The chemical industry alone cannot solve this problem. The solution will require cross-industry partnerships as well as collaboration with governments & NGOs. These partnerships are forming today. Waste services companies, chemical companies, consumer goods companies, and technology providers are making alliances now to meet this challenge. Industry coalitions such as the Alliance to End Plastic Waste are essential to address the issue. Equally, collaboration with regulators, municipalities, and NGOs like The Recycling Partnership is an integral part of the answer.
Several difficult challenges lie ahead for plastic waste recycling:
  • Scaling chemical recycling fast enough to meet goals for recycled content in plastics by 2025. Rapid investment will require mechanisms for the sharing of economic risks and benefits as well as forward thinking partnerships.
  • Accessing sufficient quantities of plastic waste suitable for recycling. Municipalities and waste services companies are the gatekeepers for this resource. A supportive and consistent regulatory framework is needed to incent the necessary investments in waste recovery infrastructure.
  • Developing an effective and efficient policy model to finance the necessary investments in recycling capacity. This model could entail some combination of Extended Producer Responsibility, landfill surcharges, taxes on single use plastic products, tax credits to encourage investment, bottle deposits, bag fees, or other mechanisms. An effective regulatory advocacy program is necessary to mitigate the risk of a fragmented approach by state or city.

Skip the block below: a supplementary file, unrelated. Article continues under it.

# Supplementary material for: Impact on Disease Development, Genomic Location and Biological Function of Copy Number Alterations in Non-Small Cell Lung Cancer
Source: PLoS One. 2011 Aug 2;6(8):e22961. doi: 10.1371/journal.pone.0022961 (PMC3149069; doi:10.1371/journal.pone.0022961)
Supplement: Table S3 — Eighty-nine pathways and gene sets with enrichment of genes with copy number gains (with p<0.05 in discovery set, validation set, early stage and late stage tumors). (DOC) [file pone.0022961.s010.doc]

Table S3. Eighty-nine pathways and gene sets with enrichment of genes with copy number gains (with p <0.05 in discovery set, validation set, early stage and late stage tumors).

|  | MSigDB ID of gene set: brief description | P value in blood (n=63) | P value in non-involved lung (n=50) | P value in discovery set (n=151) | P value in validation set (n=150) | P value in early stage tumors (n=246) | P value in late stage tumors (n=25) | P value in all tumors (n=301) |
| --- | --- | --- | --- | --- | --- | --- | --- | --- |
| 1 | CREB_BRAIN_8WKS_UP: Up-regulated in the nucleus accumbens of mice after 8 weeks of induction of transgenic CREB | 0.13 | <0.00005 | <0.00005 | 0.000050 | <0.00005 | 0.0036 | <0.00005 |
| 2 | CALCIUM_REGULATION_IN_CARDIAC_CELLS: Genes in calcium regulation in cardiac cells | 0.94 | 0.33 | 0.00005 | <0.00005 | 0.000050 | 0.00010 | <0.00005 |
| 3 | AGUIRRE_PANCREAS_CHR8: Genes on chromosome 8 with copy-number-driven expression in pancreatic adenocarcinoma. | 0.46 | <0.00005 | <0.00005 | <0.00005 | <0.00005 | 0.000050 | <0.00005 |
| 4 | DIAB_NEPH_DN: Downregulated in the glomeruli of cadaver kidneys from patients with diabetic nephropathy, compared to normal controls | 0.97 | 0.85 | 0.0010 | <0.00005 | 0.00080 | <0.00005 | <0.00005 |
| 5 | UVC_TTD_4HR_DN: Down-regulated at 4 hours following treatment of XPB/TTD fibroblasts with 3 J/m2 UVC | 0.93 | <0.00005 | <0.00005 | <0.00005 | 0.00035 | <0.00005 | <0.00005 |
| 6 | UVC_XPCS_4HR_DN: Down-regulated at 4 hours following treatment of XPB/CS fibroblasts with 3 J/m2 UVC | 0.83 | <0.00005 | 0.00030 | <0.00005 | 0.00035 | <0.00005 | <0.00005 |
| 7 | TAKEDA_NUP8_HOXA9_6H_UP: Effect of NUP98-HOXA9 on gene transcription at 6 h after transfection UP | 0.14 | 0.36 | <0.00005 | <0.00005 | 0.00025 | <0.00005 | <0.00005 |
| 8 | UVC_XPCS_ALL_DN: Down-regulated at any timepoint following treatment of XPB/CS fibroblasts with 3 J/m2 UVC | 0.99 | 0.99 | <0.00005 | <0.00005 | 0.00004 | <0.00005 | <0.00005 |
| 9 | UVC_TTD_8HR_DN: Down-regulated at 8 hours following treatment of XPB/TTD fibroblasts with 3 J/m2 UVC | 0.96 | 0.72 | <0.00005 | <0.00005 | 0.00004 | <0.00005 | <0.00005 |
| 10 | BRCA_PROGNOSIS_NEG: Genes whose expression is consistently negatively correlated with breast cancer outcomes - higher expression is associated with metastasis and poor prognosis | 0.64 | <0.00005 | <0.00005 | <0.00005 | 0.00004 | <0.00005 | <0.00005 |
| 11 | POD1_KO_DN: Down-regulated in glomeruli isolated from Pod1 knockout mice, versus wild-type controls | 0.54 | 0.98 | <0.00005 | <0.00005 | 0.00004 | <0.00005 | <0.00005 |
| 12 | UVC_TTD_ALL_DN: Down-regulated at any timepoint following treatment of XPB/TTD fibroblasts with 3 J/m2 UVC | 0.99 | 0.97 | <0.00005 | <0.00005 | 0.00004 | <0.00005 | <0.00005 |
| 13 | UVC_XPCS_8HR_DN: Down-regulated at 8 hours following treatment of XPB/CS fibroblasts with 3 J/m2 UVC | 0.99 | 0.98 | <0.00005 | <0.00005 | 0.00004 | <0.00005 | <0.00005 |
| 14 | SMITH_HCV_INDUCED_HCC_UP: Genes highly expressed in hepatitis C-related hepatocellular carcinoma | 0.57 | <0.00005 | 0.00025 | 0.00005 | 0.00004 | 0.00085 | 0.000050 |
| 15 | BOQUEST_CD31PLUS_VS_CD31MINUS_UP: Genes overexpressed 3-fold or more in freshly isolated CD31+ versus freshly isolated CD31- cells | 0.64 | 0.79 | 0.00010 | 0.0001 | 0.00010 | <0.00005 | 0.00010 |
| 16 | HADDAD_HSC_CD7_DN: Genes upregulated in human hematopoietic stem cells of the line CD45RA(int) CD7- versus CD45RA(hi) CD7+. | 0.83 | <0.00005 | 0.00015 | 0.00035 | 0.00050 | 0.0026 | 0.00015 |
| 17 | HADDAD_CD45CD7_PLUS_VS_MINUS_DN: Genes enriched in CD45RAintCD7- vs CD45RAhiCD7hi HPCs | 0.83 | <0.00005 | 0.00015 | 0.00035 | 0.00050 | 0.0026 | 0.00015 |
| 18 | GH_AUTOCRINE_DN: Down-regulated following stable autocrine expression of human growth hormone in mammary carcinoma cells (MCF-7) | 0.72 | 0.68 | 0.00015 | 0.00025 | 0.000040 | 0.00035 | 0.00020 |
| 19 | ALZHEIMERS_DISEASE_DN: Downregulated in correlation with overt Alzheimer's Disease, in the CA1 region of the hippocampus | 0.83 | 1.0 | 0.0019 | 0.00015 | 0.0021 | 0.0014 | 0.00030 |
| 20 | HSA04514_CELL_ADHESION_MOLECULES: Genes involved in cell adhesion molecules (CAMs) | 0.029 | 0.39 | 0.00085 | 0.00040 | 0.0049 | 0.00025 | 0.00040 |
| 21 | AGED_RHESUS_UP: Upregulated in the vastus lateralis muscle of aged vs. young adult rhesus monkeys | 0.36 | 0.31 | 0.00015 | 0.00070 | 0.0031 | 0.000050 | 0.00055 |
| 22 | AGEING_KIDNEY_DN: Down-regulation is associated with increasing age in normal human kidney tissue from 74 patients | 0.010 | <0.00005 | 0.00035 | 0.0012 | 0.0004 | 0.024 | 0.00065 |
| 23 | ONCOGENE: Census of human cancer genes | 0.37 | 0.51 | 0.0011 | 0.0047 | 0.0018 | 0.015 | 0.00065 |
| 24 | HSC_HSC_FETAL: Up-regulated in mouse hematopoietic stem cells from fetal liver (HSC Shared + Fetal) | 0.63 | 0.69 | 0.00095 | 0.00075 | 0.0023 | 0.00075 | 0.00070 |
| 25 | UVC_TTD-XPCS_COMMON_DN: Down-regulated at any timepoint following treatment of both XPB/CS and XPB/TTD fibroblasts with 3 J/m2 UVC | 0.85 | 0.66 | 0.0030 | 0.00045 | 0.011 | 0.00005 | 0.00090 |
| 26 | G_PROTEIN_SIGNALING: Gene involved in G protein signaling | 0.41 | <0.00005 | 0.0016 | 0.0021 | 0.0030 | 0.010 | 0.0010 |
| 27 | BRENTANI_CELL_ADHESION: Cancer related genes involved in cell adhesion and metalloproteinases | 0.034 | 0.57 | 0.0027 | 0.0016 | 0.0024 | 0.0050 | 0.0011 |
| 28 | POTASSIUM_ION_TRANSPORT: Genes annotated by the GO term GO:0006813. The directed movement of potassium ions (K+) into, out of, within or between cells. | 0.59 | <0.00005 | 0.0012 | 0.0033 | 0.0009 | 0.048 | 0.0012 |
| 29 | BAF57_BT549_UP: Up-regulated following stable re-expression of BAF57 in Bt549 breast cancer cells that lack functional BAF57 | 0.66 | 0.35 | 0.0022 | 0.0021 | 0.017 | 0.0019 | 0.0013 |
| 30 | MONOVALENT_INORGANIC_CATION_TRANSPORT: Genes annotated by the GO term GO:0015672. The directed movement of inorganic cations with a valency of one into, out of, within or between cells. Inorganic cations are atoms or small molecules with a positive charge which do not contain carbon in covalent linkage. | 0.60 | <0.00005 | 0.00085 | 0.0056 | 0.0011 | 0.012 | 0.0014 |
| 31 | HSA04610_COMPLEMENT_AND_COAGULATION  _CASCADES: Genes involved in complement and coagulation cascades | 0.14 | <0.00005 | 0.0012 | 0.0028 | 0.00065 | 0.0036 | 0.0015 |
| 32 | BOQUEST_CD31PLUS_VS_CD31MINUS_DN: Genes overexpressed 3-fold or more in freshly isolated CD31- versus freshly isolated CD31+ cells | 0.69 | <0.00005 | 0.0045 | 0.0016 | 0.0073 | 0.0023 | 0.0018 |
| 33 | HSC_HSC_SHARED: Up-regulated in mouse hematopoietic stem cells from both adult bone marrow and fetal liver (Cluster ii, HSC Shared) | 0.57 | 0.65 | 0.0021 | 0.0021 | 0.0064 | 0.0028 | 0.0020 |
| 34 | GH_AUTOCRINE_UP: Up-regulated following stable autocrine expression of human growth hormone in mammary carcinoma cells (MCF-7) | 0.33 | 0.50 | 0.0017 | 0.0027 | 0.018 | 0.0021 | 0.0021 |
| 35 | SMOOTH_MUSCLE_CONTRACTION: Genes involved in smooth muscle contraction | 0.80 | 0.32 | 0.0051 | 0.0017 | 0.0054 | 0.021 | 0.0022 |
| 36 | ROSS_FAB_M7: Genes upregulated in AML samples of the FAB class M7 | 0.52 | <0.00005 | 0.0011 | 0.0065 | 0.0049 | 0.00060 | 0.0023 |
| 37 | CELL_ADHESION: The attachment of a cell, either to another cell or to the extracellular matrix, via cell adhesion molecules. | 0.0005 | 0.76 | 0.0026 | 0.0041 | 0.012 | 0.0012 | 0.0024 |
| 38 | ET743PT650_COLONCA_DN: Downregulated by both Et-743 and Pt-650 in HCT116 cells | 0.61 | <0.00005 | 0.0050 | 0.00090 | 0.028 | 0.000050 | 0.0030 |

• Developing an auditable program to match the input of recycled materials in the supply chain with the recycled content in finished products. The Ellen MacArthur Foundation has outlined options for tracking recycled content in the supply chain and assigning recycled content to finished products. There are several possibilities for how to accomplish this including a mass balance approach or a program to book and trade certificates. Such programs already are in use for renewable electricity and biofuels. Under the Renewable Fuels Standard (RFS), the US EPA established a program that involves the creation of Renewable Identification Numbers (RINs) which can be produced and traded to enable individual companies to meet federal requirements for biofuel content in gasoline and diesel fuel. A certificate trading program would eliminate unnecessary transportation costs for recycled materials and promote the most efficient forms of recycling.
All of these challenges require proactive thinking and action to navigate successfully. Plastic waste recycling is a complex, cross-industry issue. Yet it can be solved. The winners in this transformation will be the companies that show foresight, choose their partners wisely, and act decisively.

About the author

Bob Genovese held senior leadership roles with BP in the areas of petrochemicals, US regulatory affairs, and environmental remediation. He currently operates a consulting practice called Resolute Advisors LLC to provide guidance for business management, sustainability, and regulatory matters. Contact him at Robert.Genovese@ resolute-advisors.com.

Bob Genovese